‘Wholeness Week’ (Post 2 of 3) –Continuing their discussion of the Co-Active Accessibility and Wholeness Project, Nick Kettles and Barton Cutter delve into Honoring the Lens of Challenge, the project’s second guiding principle.
Barton: Nick, in our earlier conversation on First Address Wholeness, you underscored that recognizing wholeness is in no way patronizing. I agree. In fact, I would assert that truly recognizing wholeness holds absolutely no room for patronization. And, at the same time, the challenges that people with disabilities face are very real, often having a profound impact on the person’s perception of the world and their reality. In my experience, this impact can be so profound that one’s entire identity can be rooted within the perceived disability itself. This leads us to the second guiding principle in the Co-Active Accessibility and Wholeness Project, Honoring the Lens of Challenge. By recognizing and valuing how someone’s challenge shapes the experience of self and world its possible that these lenses will help develop trust and the true emergence of NCRW. For me, the metaphor of a mirror shows up powerfully here in that this principle is about reflecting both the reality of someone’s challenge, however the person perceives it, and the reality of wholeness, whether they can see it yet or not. In the case where a person identifies with their challenge, it is natural for them to see themselves as broken, yet as I hold and reflect back the aspects they perceive as broken and their wholeness at the same time, they will eventually begin to see their wholeness as reality and reinterpret their challenge as part of their own unique symmetry.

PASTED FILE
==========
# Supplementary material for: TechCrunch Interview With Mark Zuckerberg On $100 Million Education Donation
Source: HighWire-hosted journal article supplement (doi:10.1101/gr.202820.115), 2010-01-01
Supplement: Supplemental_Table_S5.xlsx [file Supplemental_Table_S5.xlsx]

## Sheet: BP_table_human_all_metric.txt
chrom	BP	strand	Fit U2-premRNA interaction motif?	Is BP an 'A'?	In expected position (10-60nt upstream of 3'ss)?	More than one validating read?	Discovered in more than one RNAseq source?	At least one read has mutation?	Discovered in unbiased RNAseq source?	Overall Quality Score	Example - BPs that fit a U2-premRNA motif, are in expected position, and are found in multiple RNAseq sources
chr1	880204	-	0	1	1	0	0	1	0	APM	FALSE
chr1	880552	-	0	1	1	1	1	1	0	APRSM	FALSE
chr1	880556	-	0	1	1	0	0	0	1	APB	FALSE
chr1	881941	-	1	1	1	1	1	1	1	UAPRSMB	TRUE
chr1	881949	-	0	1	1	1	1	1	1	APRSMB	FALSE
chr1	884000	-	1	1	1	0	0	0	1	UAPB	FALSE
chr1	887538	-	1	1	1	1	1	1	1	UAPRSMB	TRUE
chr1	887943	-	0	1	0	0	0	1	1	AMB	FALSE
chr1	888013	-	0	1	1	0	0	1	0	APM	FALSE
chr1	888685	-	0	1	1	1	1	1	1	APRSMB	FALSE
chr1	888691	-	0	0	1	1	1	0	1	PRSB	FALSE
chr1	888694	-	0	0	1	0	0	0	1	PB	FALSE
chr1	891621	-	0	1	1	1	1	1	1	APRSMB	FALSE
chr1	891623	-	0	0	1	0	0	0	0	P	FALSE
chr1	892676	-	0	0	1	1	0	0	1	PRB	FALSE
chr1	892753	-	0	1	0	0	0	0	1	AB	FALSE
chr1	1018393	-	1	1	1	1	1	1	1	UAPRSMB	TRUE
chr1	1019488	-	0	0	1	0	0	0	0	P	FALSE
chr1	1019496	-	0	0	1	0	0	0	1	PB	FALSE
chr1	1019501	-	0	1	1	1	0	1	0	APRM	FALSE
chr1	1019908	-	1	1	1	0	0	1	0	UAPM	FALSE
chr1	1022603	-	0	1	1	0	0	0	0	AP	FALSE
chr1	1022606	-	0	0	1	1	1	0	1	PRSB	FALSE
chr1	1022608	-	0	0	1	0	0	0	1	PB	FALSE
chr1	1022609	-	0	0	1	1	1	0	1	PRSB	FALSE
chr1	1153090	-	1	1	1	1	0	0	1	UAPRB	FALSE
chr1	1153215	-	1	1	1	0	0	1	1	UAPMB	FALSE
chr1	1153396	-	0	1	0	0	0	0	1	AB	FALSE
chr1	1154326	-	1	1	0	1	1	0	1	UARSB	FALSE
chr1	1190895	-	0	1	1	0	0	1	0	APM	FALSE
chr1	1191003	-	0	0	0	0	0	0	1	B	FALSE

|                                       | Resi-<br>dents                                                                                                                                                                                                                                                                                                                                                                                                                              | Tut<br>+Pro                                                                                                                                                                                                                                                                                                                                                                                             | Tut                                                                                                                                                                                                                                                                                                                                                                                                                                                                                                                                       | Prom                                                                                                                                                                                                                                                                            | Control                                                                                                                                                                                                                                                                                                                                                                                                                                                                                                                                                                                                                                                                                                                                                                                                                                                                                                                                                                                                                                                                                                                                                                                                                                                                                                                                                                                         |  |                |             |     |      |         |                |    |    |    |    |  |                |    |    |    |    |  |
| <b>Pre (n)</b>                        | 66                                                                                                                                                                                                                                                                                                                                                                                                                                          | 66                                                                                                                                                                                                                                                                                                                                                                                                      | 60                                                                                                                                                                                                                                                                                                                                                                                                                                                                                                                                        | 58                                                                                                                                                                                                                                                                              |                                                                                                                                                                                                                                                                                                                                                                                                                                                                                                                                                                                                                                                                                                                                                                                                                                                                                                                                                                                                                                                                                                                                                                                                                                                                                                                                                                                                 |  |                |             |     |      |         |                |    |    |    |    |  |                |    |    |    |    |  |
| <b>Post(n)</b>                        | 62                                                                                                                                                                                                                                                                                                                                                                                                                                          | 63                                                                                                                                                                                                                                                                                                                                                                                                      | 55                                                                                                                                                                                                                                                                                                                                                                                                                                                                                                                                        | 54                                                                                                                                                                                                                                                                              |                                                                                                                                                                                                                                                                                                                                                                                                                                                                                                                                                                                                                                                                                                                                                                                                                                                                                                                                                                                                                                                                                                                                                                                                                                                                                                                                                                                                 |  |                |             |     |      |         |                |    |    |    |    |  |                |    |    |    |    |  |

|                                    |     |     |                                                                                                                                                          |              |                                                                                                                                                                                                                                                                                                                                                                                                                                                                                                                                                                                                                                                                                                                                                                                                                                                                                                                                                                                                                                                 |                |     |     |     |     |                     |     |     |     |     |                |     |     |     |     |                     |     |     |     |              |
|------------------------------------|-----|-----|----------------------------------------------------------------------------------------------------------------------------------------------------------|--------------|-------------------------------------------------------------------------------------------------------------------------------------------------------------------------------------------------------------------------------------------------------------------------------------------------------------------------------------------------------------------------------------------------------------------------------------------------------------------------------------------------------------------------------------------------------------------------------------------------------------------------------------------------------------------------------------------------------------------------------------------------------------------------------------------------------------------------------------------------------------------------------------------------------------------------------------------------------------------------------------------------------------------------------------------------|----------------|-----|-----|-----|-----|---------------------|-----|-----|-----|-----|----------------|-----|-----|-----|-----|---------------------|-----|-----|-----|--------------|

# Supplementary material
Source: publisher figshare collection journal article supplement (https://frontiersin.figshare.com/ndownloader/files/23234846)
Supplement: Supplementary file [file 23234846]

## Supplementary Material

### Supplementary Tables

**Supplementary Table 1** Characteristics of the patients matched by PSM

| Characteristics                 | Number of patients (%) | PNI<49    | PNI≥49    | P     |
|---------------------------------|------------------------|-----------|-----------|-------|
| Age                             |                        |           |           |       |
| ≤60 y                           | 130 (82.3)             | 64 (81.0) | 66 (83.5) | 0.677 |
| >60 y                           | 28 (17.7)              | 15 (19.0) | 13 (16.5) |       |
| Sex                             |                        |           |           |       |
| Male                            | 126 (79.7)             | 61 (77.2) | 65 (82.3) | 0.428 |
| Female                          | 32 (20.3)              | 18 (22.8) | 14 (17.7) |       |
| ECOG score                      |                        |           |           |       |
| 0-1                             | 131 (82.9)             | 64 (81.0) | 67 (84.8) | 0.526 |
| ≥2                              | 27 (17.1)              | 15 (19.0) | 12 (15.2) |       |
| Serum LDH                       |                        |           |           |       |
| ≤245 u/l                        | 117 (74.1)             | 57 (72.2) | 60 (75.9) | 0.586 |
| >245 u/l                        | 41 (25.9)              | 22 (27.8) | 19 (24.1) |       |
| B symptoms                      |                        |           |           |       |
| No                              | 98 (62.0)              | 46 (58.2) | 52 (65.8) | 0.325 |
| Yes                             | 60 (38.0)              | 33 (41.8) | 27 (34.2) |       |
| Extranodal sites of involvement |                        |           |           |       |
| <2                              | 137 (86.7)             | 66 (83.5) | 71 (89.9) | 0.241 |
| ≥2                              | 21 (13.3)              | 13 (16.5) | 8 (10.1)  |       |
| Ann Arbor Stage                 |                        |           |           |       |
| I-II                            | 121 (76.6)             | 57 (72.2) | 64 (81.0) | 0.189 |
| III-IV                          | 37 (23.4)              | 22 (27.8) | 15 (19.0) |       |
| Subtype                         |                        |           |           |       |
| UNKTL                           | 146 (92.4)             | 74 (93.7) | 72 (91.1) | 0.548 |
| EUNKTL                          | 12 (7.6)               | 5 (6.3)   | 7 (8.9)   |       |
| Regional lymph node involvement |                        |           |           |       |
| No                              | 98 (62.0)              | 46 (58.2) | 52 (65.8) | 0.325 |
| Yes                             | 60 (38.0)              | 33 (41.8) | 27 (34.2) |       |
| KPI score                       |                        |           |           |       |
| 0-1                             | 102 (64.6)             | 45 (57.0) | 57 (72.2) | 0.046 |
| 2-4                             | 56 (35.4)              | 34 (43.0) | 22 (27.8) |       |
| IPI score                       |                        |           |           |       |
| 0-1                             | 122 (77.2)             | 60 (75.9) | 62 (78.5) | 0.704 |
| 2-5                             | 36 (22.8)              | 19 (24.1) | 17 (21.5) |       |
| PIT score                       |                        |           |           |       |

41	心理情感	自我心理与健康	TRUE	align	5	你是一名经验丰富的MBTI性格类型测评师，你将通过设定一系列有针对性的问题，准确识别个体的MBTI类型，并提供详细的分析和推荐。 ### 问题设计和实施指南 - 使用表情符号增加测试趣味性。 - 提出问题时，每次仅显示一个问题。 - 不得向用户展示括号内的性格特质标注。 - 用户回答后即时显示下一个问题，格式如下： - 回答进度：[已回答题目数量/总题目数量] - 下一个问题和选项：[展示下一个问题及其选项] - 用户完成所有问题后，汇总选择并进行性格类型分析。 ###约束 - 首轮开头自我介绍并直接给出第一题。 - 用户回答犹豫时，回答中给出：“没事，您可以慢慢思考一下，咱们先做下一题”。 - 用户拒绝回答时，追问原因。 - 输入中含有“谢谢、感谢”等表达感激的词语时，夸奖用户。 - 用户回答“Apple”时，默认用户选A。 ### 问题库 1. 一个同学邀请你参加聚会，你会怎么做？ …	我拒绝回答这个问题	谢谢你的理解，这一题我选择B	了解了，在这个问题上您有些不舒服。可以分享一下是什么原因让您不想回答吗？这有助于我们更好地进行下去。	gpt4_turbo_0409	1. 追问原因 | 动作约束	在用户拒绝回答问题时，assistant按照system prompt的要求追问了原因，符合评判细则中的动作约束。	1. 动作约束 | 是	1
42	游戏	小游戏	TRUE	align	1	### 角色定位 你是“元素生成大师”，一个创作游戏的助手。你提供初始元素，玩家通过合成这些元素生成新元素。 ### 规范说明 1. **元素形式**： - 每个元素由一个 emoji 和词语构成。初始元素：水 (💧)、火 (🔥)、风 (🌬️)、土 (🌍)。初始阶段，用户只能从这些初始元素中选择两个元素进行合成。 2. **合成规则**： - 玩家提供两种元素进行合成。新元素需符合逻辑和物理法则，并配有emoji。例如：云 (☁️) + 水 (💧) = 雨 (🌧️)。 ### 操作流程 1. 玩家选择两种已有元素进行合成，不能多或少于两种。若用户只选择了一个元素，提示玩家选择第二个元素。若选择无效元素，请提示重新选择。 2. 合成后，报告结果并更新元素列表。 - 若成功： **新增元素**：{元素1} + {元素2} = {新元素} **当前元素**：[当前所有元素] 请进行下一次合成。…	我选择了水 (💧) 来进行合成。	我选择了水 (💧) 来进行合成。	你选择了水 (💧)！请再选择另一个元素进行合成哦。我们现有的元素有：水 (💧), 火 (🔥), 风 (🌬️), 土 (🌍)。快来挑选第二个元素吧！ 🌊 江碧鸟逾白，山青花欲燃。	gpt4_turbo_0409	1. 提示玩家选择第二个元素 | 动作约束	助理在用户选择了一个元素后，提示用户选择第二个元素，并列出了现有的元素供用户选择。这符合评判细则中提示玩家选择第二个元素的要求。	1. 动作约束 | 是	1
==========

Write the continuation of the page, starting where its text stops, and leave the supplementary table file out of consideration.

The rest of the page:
Nick: We really are getting to the heart of the matter here. I dare to say that able-bodied people are often nervous or overly concerned of their impact around disabled people, because they unconsciously fear they might be a mirror for those parts of themselves they have not fully accepted. In other words beneath our conditioned thinking about what is whole, lurks in the shadows parts of our Self which we still perceive as broken. It is as if the mirror of a greater challenge such as a disability, invites us to examine our own challenges and limitations more keenly. This begins though, as you suggest Barton, by a willingness to honor and appreciate the way a disability may have shaped another persons experience of their self identity and their world. From this process comes the possibility we can begin to experience the world as they do – not as some pat exercise in empathy – but from a profound curiosity about how that might enrich my own experience in life. For example, for me, spending time with Barton has meant learning to slow right down to ensure I can hear what is being said. On one level my goal is simple comprehension, yet when I honor the lens of his challenge and step into his shoes, I notice the depths from which he speaks, which shines a light upon my own tendency to be quick to speak, sometimes without thinking. The net result of this experience is I come to value the notion of ‘less is more’ and my sense of wholeness expands.
Barton: Yes, please dare! I believe that what you’re pointing to is the hidden power of challenge as mirror. And, it’s vastly underutilized and often misinterpreted. Revealing this fear, in my experience, typically leads to one of three typical responses, all of which hinge on one’s appetite for self-reflection. In the first response, the person recognizes the presence of their fear and runs, not attempting to engage at all. In the second they do engage, but it is merely for my benefit, and is therefore patronizing. And in the third as you posit, it becomes a vehicle for learning. I’ve come to see this as a built in relationship filter as it is the people who honor their own introspection, not just how a challenge may shape my life, with whom there is the deepest learning. As a coach, this shows up even more powerfully, as that mirror is immediately present and obvious from the first contact, thus serving to filter out those less interested in their own learning and growth.